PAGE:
Elie Cohen. 408 pages. Publisher: Fayard (October 12 2005)
There is an enigma of contemporary capitalism. How to explain that the biggest stock market crash that we have known since 1929, the bursting of the Internet bubble, did not have any of the usual effects on the general economy? Why did the fraudulent bankruptcies of Enron and Worldcom not slow down the spread of American-style financial capitalism on a planetary scale? To understand the new logics at work, Elie Cohen chose to analyze the rise and fall of two emblematic companies of the 1990s: Enron and Vivendi. Far from engaging the sole responsibility of their impetuous promoters, these two failures reveal, more deeply, the role of financial markets in determining industrial strategies. Extremely reactive, market finance reduces risks by diffusing them and aggravates them by promoting speculation. This book analyzes the formation of market myths, speculative bubbles, management methods, it describes the world of players in this risk industry (analysts, auditors, valuers) and reports on a system where collective error is preferred to breaking consensus. How to regulate financial markets without hampering the capacity for innovation? How to prevent arbitration between regulations in the new age of capitalism? These are the problems facing our governments and the major international financial institutions, questions to which Elie Cohen answers with clarity and brilliance.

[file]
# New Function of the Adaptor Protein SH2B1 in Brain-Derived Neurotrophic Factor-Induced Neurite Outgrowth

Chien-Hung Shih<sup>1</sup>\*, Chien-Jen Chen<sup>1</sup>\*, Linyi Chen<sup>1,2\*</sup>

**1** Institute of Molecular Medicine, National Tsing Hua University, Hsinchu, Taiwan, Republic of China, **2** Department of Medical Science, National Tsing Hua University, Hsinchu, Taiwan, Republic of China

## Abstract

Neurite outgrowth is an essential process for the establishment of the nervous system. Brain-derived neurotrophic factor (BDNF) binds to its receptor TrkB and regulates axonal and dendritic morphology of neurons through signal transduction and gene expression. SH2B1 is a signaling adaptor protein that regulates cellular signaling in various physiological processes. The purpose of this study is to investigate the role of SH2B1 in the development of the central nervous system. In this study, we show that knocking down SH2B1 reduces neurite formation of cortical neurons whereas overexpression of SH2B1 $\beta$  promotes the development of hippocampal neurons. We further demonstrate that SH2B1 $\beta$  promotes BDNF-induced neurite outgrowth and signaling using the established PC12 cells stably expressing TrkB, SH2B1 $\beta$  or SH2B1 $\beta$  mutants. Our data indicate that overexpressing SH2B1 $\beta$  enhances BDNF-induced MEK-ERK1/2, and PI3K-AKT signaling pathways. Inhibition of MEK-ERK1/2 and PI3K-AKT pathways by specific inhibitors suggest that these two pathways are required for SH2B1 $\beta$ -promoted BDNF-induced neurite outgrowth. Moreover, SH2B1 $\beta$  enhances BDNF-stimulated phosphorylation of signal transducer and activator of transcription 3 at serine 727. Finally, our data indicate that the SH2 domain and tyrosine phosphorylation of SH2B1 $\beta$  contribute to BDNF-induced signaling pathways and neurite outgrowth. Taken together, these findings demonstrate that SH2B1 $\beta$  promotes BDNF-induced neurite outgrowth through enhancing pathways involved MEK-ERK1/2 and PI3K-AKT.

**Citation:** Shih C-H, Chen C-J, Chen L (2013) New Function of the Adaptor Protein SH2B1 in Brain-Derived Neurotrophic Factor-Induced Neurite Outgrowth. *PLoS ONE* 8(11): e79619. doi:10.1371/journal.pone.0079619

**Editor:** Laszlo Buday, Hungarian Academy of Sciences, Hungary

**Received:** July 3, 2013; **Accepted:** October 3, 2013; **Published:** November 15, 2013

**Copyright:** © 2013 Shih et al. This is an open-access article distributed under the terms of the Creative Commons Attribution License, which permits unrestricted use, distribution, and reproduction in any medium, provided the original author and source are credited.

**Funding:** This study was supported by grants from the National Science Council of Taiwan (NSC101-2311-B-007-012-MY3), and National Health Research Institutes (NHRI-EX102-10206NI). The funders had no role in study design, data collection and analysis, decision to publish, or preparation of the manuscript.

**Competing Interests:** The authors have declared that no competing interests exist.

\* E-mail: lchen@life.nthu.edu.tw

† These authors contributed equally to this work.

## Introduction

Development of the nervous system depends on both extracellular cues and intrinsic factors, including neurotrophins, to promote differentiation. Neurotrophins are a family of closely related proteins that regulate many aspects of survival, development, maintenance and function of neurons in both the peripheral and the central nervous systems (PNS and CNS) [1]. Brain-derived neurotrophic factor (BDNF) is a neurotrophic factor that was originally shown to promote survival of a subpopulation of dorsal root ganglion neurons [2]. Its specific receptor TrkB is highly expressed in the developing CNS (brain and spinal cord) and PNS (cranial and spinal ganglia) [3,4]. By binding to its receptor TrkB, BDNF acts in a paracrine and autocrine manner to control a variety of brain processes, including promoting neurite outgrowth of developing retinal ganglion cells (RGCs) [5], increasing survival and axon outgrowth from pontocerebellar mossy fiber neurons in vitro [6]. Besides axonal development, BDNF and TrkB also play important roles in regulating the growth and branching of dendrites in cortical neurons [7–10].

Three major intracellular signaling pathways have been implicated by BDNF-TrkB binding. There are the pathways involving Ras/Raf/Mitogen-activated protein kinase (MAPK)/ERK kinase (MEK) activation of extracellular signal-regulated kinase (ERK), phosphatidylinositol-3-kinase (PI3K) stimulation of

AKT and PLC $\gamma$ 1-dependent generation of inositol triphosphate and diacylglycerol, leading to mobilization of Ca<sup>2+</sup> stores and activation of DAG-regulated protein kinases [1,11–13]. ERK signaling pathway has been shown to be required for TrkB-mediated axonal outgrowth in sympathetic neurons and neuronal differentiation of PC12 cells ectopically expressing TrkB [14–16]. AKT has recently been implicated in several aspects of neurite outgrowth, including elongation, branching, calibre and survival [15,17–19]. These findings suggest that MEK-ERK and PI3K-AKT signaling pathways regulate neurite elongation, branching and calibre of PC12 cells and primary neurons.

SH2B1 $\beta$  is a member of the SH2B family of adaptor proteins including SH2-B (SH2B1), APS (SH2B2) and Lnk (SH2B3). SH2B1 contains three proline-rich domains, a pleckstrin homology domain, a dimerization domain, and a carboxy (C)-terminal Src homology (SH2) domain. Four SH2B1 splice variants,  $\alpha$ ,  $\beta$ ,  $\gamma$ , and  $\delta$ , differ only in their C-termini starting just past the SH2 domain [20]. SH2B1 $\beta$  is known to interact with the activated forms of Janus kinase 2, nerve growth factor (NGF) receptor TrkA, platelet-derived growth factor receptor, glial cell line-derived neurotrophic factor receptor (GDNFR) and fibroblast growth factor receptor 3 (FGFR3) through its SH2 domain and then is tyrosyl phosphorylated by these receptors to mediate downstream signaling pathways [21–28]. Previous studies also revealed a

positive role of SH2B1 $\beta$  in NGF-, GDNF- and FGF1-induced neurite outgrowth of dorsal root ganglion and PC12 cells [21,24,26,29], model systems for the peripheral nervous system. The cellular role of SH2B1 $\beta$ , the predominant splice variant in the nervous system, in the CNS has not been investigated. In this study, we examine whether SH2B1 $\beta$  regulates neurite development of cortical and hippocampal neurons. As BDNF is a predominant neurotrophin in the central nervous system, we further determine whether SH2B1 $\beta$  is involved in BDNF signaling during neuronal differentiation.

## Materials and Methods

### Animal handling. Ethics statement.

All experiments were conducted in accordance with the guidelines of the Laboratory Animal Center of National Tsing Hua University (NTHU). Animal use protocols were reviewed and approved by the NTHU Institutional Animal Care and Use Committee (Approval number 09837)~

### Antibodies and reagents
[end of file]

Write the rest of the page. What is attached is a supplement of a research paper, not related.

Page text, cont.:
Elie Cohen is an economist, research director at the CNRS and at the National Foundation for Political Science. He is notably the author of “high tech” Colbertism (1992), La Tentation hexagonale (1996) and L'Ordre économique mondial (2001).